International Women's Day is March 8, 2018.
The withinUs Team proudly supports charitable organizations within our communities.
For the month of March in recognition of International Women's Day, we are proud to partner with the BC Women's Hospital Foundation Her Health Matters campaign.
We interviewed Genesa Greening, President & CEO of the BC Women's Hospital Foundation. Genesa helps shed an important light on various issues within women's health, and why it is important for women to take control of their own health.
withinUs: What is your role at the BC Women's Hospital Foundation, and how did you become involved?
Genesa: My work has always been rooted in advocacy. I spent a number of years on several social justice initiatives in Vancouver’s Downtown Eastside before my career took me down to Oakland, California to work alongside CNN’s Van Jones and his efforts to build what is now The Dream Corps, an organization that is committed to ending mass incarceration, the negative impacts of climate change, and the lack of diversity in the tech sector. I came back to Vancouver to have my son. I learned of an opportunity to apply my feminism to address the inequalities within women’s health. I jumped at the chance to be considered for the position and was thrilled when I was the successful candidate.
w: Why do you think it is important for women to take control of their own health?
G: The data clearly shows that healthy women result in healthy communities. Yet we also know that women are not receiving equitable access to healthcare. Women’s health research is underfunded. Women are underrepresented in research trials. Diagnostics and treatments are often based on the physiology of men. Despite notable physiological differences between men and women far too many prescription dosages are based on a man’s makeup. Women, unlike men, who present with chronic pain, are more likely to be referred to a psychiatrist than a pain clinic. Women are also notorious for putting the health needs of their children, partners and, families first.
If we know that when women thrive, all of society benefits in terms of its overall health, sustainability and economically, it only makes sense that we must advocate for the need to have a gender lens applied to the delivery of clinical care, the prioritization of research, the creation of health policy, and related budgetary decisions on spending. At BCWHF, we invest in the important work of saving the lives of women, improving healthcare and accessibility for women, and advocating for women to have agency over their health to ensure women are healthy, so their families are healthy.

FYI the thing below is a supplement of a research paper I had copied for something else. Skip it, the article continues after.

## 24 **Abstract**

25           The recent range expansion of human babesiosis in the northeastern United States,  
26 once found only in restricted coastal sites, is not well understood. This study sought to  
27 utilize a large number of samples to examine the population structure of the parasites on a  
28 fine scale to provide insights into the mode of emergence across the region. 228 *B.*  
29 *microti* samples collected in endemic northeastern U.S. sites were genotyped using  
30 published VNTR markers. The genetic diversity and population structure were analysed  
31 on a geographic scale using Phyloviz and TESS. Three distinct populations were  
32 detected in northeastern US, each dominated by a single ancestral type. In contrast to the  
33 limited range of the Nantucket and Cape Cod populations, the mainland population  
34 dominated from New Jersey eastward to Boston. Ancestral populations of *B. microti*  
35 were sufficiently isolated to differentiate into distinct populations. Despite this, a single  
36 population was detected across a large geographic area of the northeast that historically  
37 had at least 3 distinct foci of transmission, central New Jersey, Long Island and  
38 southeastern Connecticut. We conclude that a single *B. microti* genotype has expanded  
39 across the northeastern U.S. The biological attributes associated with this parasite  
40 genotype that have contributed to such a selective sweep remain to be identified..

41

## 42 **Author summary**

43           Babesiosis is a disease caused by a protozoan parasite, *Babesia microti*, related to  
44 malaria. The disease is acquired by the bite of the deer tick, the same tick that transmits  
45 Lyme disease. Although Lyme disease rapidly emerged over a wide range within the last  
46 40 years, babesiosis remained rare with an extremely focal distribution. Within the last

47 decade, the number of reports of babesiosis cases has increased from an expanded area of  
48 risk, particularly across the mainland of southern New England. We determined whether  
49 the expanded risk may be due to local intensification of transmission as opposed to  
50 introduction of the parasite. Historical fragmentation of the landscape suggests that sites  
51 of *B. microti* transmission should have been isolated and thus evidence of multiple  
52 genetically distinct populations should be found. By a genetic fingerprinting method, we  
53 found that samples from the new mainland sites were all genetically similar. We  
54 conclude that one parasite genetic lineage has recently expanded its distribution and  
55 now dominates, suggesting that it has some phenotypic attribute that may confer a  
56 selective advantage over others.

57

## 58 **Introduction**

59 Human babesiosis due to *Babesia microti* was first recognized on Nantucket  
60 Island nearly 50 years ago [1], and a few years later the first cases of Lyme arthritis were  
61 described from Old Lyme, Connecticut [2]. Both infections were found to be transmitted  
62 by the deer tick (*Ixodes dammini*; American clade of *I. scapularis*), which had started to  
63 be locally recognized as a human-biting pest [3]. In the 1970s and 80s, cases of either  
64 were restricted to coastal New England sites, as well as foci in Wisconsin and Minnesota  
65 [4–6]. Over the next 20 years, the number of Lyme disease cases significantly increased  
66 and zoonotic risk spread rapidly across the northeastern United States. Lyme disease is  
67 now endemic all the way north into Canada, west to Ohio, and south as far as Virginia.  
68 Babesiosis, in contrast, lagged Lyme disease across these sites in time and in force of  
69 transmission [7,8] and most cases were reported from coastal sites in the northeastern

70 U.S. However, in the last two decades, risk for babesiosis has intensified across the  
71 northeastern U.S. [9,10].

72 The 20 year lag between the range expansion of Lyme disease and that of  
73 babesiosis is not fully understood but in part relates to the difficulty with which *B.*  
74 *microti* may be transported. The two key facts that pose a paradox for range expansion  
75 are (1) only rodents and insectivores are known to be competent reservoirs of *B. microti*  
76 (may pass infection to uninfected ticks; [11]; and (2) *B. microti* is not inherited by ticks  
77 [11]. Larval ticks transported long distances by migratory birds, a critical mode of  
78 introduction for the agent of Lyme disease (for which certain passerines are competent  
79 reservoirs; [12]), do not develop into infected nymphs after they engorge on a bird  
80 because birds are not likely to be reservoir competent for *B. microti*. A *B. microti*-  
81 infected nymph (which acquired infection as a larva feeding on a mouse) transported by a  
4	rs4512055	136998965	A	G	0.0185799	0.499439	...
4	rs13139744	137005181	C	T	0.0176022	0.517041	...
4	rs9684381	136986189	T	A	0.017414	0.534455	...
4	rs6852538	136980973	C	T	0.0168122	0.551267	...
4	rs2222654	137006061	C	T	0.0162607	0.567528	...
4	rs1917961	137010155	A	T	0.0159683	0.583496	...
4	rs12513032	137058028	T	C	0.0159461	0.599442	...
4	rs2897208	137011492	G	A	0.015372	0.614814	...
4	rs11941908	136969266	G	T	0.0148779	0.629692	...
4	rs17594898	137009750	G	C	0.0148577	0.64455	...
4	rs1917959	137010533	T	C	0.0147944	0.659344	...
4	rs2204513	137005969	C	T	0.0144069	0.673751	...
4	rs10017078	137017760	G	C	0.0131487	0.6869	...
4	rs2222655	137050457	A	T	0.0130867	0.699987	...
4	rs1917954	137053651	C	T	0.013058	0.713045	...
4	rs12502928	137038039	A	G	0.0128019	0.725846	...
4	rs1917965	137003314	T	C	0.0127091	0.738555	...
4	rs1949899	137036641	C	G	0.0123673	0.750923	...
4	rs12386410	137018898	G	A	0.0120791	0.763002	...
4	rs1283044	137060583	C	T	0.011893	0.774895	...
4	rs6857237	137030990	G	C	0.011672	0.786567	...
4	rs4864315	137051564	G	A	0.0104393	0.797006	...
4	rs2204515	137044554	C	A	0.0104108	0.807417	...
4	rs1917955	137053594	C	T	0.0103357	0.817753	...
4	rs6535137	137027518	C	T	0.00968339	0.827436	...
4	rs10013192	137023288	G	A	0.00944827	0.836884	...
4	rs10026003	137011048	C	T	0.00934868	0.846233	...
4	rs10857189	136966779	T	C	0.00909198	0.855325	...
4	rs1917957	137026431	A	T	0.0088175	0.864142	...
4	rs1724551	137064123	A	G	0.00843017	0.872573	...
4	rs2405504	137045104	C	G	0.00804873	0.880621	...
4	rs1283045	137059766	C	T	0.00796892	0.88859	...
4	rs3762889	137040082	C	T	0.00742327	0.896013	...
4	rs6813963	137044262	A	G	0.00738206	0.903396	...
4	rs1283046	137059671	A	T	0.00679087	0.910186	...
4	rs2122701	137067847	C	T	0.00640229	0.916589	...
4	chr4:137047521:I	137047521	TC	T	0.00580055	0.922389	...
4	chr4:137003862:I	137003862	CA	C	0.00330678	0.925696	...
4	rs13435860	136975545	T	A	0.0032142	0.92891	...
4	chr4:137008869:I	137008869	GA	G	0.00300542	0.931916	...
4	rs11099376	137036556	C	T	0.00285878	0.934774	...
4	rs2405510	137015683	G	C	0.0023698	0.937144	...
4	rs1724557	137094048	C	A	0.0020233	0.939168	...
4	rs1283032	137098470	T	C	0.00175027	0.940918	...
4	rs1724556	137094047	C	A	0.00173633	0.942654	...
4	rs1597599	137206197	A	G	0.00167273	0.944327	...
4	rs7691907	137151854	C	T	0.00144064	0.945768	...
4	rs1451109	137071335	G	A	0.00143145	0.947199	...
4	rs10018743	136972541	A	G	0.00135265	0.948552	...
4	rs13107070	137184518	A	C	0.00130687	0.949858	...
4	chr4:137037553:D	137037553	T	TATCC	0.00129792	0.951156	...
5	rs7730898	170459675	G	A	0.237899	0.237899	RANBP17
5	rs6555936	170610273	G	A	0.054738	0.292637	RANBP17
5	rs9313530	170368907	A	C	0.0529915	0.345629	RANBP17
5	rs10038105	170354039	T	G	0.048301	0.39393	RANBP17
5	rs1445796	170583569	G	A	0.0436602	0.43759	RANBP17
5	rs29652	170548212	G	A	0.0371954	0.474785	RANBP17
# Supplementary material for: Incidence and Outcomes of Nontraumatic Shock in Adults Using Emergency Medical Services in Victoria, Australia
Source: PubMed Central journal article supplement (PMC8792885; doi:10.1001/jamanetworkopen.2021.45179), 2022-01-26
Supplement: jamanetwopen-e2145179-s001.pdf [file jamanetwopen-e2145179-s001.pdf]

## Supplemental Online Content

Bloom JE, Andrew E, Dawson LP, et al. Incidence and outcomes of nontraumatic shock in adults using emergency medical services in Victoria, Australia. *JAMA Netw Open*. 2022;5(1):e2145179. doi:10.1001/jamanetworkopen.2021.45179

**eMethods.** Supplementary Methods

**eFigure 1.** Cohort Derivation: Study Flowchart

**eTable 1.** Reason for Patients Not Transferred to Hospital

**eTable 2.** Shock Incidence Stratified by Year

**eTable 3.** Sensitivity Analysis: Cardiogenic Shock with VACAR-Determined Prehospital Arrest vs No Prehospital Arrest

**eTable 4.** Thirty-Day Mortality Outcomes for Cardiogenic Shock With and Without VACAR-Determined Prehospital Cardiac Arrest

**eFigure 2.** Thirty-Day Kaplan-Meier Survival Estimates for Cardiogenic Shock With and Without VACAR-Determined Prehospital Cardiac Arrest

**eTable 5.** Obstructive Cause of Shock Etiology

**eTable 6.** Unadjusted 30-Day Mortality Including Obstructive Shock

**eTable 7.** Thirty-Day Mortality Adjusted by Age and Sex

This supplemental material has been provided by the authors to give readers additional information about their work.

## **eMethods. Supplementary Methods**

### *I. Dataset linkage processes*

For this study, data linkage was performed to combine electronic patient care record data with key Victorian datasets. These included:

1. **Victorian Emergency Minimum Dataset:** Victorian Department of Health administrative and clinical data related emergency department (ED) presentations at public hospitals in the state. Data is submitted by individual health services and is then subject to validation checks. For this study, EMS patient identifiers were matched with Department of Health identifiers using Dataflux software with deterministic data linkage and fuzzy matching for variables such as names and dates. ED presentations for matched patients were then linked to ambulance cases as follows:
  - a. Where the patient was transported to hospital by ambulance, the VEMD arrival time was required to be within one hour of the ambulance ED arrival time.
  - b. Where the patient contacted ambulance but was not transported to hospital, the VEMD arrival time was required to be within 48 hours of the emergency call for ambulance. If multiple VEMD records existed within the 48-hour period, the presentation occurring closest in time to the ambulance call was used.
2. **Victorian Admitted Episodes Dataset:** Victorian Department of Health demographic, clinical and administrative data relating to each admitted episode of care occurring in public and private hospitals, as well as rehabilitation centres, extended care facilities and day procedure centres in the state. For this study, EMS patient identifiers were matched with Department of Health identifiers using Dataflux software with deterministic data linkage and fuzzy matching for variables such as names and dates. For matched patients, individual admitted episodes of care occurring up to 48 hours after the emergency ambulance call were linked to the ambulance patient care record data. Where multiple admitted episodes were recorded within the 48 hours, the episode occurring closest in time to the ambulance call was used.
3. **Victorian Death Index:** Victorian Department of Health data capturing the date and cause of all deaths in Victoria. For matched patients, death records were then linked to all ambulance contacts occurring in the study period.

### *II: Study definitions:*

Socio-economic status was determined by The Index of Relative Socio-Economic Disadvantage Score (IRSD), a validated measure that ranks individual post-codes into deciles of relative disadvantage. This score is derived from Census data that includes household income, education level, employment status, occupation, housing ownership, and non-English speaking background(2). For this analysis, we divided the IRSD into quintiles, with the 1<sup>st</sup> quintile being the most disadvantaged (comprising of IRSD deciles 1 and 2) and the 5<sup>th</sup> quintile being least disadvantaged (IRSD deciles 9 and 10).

w: How is BC Women's making health care for women more easily accessible?
G: By taking a selfless approach and not worrying about who gets the credit for moving the needle on improving timely and appropriate access to women’s health care. We will work with anyone who is similarly aligned in our relentless pursuit of demanding equity in women’s health care. We aren’t afraid of ruffling feathers, we speak truth, and we believe that by being malleable, nimble and collaborative we can be the connective tissue that brings the right stakeholders together to find creative solutions which make healthcare more accessible, respectful and equitable. We are laser focussed on gender equity in health so that the women of British Columbia have access to the highest quality healthcare when, where, and how they need it.
w: What are some of the most pressing issues in regards to women's health? Are they being properly addressed?
G: Your second question is much easier to answer, so I will start there with a resounding, “no.”
As per the most pressing issues, there is, sadly, a multitude. This is a topic that I am very passionate about and, I could literally take up this entire space regaling you with reams of data, studies, and first-hand accounts of how much work there is to be done in the arena of women’s health, but I will focus instead on just one, because I believe it is where a lot of where we find ourselves today as a society has stemmed from: the lack of investment in women’s health research. The disparity in how women’s health research is funded versus men’s is egregious,
and its roots go back a long way. Historically, clinical research trials excluded women from participating. That meant the results which were garnered were based exclusively on male physiology, and many of the prescriptions and drug therapies still in use today are based off results discovered in studying men. This is despite the fact that women metabolize drugs differently than men. We have smaller kidneys than men. Female hormones affect how drugs are processed by the liver – yet most medications only prescribe dosage based off male physiology. It wasn’t even until the 1990’s that women even started to be included in medical
research studies. Women are decades behind men in terms of the equitable investment in necessary health research funding, and when you understand that, it is actually pretty easy to see how women have been systemically set up to receive the short end of the stick. Our work is cut out for us. There is a lot which needs to change - and we’re going to do it.
w: What is the ultimate goal for the foundation with regards to women's health?
G: While there is a tremendous amount of work to be done alongside our counterparts, we have, essentially, broken down our goals into four key strategic areas of focus that we feel BC Women’s Hospital Foundation can successfully contribute toward by facilitating strategic philanthropic investment in…
1. Capital + Equipment
3. Education + Awareness
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